Another option is to add emissions control equipment to the existing coal-fired generation unit to reduce emissions. Asset owners will need to establish comprehensive compliance strategies and integrate environmental objectives into their business operations, considering regulatory drivers, operating conditions and plant configuration.
The aim will be to adopt technically proven environmental retrofit solutions that meet project financing requirements, have demonstrable emissions reductions and are able to return the assets to service as quickly as possible.
Options around carbon capture and utilisation, in some scenarios, may provide additional incentives in select regulatory environments or through the utilisation of captured carbon based on proximity of the power plant to potential offtakes requiring the resource as a raw material in their manufacturing processes.
Decommissioning aged coal assets for re-purposing or repowering
The third alternative is to decommission the coal assets. Decommissioning options for coal-fired plants include:
- Retiring and leaving in place
- Retiring and decommissioning the site for re-purpose
- Re-using for brownfield activities
- Re-purposing for renewable energy and energy storage
- Co-locating with data centers or utilities such as water treatment plants
- Converting to new fuel sources like gas or biomass
- Infinite lay-up or mothballing
A critical element of the decommissioning process is environmental permitting considerations and hazardous material dispensation.
One solution for repowering is to replace conventional coal boilers with simple cycle gas turbines and heat recovery boilers to reduce overall carbon emissions.
Key factors to consider for repowering are ease of integration, reuse of existing balance-of-plant equipment, operating flexibility, operations and maintenance costs, and technical risk mitigation.
Preparing for success
Selecting options that are cost-effective and capable of aligning with the current business model will be influenced by technical and financial factors such as fuel costs and price volatility; anticipated dispatch profiles; age and condition of plant equipment; capital costs, including gas pipeline; ongoing operation and maintenance costs, post-conversion; clean energy options, such as hydrogen and decarbonisation; and related supply chain implications such as mining concessions. Non-technical considerations will include environmental, local acceptance, political and future regulations.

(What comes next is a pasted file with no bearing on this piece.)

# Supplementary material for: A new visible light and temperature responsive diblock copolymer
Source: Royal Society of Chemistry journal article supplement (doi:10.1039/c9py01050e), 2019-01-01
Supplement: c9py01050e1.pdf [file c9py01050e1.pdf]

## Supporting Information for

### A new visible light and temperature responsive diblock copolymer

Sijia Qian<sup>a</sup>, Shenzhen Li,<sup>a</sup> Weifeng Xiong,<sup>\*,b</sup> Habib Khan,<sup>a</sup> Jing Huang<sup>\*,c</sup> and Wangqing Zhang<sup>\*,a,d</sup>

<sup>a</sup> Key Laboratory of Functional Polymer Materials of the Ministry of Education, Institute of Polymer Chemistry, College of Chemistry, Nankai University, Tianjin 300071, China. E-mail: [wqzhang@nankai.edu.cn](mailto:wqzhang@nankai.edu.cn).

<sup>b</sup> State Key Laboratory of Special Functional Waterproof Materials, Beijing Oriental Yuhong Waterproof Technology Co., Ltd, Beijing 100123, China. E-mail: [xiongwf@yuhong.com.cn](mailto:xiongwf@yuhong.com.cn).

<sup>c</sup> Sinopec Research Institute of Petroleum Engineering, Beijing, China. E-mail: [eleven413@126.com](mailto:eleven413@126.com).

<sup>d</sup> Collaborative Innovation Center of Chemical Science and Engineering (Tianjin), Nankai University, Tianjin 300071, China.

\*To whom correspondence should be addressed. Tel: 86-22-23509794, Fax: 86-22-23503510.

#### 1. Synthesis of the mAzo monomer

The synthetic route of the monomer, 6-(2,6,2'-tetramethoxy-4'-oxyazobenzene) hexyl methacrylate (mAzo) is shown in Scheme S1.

Identifying the right decarbonisation path will require meticulous planning, market analysis, evaluations of multiple sustainable technology alternatives, cost economics and return on investment certainty within a tangible period. In mitigating project risks, socioeconomic and regulatory matters will need to be addressed early. Realistic evaluations of current assets for reuse will be invaluable to the decision-making process.
For successful coal retirement programs, key considerations for repurposing coal assets will need to be thoroughly understood. A priority will be to understand the criteria for selecting coal plants for repurposing. Other considerations will include investigating potential technology alternatives to uncover the best mix of technologies for each facility, managing offtake requirements, and minimising stakeholder impacts.
Equally important will be supportive government regulations and policies as they can help to accelerate the alternative use of coal plant sites, manage upstream supply chain transitions and facilitate access to funding necessary for repurposing coal power generation towards more sustainable low carbon power production.
Narsingh Chaudhary is Black & Veatch’s Executive Vice President & Managing Director, Asia Power Business. Harry Harji is Associate Vice President for Black & Veatch’s management consulting business in Asia.